Friday, June 23, 2017

When Both Parties Put Party Loyalty Ahead of What's Best For Kids

There are many lens through which to view and judge the health care legislation unveiled in the Senate yesterday and now working its way through Congress.

For example, Jared Bernstein, who works with our board member Bob Greenstein at the Center for Budget and Policy Priorities writes in the Washington Post: “please don’t lose sight of what’s going on here: a massive transfer of hundreds of billions of dollars that are now being used to help vulnerable families and moderate-income households to the wealthiest households. The Senate bill solves the problem that the poor in America have too much, and the rich have too little. In fact, it solves that problem even better than the House did.

            But the most important lens for our purposes is the impact on children. For a better understanding of that, take a look at this statement from the American Academy of Pediatrics.   "The bill fails children by dismantling the Medicaid program, capping its funding, ending its expansion and allowing its benefits to be scaled back. The bill fails all children by leaving more families uninsured, or without insurance they can afford or that meets their basic needs. This bill fails children living in or near poverty, children in foster care and children with complex health care needs whose parents have private insurance – all of these children depend on Medicaid, and if this bill passes, Medicaid will no longer be there for them. 

            It’s hard to believe that both parties put party loyalty so far ahead of what’s best for kids – that out of 100 Senators there aren’t even five or ten who could cross the aisle to work with each other on a less draconian, more compassionate alternative.  I hope that when we succeed in ending childhood hunger, we are in a position to teach them what bipartisanship can do.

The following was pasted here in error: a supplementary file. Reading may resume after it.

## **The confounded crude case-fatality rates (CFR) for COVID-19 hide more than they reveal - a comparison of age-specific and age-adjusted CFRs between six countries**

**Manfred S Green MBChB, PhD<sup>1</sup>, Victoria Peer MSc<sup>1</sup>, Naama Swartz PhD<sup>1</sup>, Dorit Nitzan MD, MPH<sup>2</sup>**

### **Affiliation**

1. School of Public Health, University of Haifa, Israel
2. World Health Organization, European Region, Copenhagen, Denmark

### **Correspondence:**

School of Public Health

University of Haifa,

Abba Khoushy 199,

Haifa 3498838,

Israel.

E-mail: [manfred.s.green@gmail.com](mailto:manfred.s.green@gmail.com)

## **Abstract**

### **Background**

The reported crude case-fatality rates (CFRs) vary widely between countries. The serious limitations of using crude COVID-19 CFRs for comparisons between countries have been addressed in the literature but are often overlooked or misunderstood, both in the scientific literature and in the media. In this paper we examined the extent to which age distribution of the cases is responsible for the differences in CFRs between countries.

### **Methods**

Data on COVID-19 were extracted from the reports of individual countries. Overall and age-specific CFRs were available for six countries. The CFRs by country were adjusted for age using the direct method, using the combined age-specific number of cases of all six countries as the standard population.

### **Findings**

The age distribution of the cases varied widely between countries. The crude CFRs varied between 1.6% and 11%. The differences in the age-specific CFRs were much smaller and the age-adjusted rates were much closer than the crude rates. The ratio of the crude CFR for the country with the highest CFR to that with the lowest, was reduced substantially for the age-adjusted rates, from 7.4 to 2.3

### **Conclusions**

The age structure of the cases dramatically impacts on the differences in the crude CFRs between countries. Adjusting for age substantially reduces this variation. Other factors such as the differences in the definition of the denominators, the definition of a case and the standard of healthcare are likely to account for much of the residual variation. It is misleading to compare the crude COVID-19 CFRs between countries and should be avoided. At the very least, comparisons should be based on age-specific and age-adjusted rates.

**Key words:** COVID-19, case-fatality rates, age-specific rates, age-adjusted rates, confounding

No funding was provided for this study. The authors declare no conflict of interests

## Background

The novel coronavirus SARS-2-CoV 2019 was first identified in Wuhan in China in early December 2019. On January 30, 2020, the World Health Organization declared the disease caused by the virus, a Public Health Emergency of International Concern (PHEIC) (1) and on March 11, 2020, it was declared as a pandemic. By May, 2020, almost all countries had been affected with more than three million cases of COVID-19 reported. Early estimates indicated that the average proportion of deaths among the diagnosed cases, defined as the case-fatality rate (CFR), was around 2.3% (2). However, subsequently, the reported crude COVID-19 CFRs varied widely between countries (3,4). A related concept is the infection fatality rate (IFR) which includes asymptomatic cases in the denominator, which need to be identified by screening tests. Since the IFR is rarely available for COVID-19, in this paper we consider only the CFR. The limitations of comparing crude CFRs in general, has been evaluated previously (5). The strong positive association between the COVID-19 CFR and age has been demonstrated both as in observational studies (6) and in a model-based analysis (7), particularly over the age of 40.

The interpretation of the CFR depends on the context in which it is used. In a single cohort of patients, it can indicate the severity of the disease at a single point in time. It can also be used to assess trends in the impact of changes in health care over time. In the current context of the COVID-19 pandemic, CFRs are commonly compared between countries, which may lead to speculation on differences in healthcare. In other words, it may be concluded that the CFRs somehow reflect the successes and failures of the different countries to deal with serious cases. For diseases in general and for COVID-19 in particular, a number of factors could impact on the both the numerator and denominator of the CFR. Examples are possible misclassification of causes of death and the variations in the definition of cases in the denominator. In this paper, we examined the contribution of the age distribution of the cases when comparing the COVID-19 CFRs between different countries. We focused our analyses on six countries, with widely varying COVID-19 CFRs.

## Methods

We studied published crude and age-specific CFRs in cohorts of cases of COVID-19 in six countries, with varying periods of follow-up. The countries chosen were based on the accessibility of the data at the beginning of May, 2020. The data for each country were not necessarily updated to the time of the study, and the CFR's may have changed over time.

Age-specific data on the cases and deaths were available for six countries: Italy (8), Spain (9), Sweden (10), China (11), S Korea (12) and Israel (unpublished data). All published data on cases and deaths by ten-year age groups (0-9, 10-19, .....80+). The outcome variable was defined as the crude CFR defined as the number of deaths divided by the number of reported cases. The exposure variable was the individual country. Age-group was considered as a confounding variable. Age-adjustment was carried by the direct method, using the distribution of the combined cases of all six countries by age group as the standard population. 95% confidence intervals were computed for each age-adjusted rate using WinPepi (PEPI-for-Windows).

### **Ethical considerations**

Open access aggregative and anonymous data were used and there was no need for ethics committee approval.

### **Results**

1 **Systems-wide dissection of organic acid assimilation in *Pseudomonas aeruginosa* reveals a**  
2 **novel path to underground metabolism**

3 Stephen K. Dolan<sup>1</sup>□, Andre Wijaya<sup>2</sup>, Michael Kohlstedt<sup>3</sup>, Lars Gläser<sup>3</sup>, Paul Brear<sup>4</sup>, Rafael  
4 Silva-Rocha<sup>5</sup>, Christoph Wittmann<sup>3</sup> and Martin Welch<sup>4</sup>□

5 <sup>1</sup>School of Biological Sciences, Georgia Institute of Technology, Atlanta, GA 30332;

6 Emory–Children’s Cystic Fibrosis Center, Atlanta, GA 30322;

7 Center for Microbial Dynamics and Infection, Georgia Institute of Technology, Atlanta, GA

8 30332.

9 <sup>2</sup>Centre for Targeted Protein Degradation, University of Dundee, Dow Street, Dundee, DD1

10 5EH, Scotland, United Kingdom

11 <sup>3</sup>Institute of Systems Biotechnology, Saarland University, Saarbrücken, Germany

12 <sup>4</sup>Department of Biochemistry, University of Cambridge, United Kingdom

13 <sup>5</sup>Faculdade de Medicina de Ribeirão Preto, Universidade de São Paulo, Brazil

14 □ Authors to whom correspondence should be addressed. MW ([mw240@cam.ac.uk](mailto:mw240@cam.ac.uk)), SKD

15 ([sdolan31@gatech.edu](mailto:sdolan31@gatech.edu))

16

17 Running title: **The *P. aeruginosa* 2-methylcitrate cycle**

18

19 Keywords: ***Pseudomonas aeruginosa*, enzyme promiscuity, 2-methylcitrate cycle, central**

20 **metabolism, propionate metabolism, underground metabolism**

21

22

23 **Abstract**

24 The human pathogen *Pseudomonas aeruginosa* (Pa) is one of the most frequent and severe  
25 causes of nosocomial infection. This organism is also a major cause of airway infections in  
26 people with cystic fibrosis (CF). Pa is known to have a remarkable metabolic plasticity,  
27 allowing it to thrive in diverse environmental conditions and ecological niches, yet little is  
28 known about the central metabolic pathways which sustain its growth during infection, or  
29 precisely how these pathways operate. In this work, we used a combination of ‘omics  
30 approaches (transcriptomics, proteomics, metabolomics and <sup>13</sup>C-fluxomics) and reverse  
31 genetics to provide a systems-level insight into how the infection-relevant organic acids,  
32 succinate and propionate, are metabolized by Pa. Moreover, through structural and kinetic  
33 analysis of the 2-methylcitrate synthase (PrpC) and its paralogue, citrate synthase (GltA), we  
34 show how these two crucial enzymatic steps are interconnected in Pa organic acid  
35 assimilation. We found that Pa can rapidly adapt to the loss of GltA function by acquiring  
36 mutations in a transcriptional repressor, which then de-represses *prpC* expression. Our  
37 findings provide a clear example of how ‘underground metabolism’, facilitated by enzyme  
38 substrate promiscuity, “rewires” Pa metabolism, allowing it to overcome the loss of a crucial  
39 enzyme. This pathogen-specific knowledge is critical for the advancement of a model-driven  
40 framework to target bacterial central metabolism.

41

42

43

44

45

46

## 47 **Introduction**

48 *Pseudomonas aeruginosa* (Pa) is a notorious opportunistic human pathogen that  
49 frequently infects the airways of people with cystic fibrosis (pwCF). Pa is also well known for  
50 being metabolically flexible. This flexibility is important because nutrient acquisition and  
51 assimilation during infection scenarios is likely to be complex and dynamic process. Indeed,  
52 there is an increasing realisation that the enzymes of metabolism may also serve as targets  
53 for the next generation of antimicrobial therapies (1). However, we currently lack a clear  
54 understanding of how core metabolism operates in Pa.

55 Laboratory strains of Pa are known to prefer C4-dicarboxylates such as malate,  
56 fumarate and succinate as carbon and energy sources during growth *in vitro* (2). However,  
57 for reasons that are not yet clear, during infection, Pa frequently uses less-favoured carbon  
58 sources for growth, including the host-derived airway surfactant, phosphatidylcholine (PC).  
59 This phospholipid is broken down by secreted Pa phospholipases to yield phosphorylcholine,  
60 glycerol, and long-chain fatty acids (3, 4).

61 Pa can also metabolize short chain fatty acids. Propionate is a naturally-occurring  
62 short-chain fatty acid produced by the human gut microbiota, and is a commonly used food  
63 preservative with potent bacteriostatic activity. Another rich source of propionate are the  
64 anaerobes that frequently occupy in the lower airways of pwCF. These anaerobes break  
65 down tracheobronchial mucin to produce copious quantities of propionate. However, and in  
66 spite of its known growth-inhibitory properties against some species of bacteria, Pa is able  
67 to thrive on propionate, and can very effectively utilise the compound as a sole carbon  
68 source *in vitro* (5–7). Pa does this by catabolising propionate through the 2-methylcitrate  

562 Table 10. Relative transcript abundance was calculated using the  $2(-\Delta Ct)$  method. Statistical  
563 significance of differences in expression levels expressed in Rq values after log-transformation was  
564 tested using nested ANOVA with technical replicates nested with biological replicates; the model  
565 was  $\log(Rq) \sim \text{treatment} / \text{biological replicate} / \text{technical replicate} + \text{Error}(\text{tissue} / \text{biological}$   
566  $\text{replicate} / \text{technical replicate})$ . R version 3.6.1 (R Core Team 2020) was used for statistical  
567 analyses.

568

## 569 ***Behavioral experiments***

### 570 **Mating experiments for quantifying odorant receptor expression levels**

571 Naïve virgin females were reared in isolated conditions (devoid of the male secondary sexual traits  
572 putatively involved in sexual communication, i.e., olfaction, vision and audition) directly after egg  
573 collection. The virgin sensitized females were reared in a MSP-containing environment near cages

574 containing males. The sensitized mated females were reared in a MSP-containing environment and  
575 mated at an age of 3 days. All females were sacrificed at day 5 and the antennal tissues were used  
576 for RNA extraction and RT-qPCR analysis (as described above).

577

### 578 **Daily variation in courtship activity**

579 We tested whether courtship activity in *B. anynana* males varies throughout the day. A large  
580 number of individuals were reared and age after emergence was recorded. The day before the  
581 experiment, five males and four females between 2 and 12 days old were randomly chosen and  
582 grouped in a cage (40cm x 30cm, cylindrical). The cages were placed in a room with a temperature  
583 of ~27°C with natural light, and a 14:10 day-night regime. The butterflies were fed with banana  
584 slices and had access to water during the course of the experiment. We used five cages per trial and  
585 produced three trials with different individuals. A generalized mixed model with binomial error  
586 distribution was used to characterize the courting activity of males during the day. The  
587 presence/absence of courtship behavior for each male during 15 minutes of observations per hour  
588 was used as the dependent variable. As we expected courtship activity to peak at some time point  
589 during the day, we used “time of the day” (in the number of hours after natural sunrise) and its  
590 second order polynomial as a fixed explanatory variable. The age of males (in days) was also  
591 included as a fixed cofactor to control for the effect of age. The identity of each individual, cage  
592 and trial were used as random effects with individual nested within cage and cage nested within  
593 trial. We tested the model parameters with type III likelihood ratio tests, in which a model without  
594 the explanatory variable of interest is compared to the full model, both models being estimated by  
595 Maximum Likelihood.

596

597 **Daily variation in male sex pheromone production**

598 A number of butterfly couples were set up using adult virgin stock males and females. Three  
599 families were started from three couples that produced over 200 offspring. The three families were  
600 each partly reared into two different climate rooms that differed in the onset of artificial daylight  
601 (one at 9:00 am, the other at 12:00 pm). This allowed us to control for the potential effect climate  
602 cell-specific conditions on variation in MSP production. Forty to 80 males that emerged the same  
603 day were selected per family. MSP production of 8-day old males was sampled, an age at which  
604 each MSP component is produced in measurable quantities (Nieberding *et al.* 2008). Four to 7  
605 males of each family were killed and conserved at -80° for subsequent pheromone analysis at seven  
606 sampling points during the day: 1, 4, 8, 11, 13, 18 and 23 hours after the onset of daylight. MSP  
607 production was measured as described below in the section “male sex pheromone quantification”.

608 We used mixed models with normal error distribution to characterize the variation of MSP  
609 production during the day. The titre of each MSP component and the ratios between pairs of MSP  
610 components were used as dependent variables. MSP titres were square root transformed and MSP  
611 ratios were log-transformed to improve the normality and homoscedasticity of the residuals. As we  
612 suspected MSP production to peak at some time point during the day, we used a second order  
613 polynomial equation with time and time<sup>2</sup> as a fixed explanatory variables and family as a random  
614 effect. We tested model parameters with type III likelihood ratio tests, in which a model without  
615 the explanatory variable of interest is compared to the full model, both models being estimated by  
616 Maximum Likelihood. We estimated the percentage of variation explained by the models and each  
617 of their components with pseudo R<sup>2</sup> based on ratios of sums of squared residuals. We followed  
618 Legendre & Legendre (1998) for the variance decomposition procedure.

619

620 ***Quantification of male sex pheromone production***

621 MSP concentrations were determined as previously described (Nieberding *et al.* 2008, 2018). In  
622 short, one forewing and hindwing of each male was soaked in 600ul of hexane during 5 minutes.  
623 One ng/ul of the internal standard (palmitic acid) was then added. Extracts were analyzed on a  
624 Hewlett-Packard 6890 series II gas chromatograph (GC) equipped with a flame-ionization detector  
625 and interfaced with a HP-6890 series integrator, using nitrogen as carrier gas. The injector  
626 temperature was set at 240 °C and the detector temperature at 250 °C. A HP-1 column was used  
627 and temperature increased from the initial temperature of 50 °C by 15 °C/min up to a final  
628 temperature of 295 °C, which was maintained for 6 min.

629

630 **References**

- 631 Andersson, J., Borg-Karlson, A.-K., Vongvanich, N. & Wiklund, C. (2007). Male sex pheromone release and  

Thursday, June 15, 2017

From a Disturbed and Disturbing Nation's Capital

Last night I spent a rare evening in our DC apartment, since Roe and Nate are arriving from Boston this afternoon for a long weekend.  Sirens blare often, a Connecticut Avenue constant, and no more or less than usual, but I couldn’t help wondering if instead of a motorcade or a fire, there was something else going on akin to the morning’s horrific story about a madman hunting Congressmen with a rifle and forever changing half a dozen lives if not the culture of our capital.

            There’s been much commentary over the past 24 hours about political adversaries coming together in sorrow and in unity - from the well of the House chamber to the hallways of the Medstar Washington Hospital Center. An aspect of that is undeniably heartwarming and encouraging.  But it’s tethered to a deeper sadness that this is the best we can do – that this is what it takes to remind a diverse group of basically good human beings to act human.  Still, after years of relentless political warfare, even the briefest of respites is welcome.  Especially if it creates some muscle memory so that in the days ahead there’s a reflex to put caring ahead of accusing, kindness ahead of counting votes.

            By late in the evening some of the usual cable news combatants were already retreating to their corners, tentatively testing whether the appetite had returned for using the day’s events to taint their adversaries. But it was only some – and that’s progress.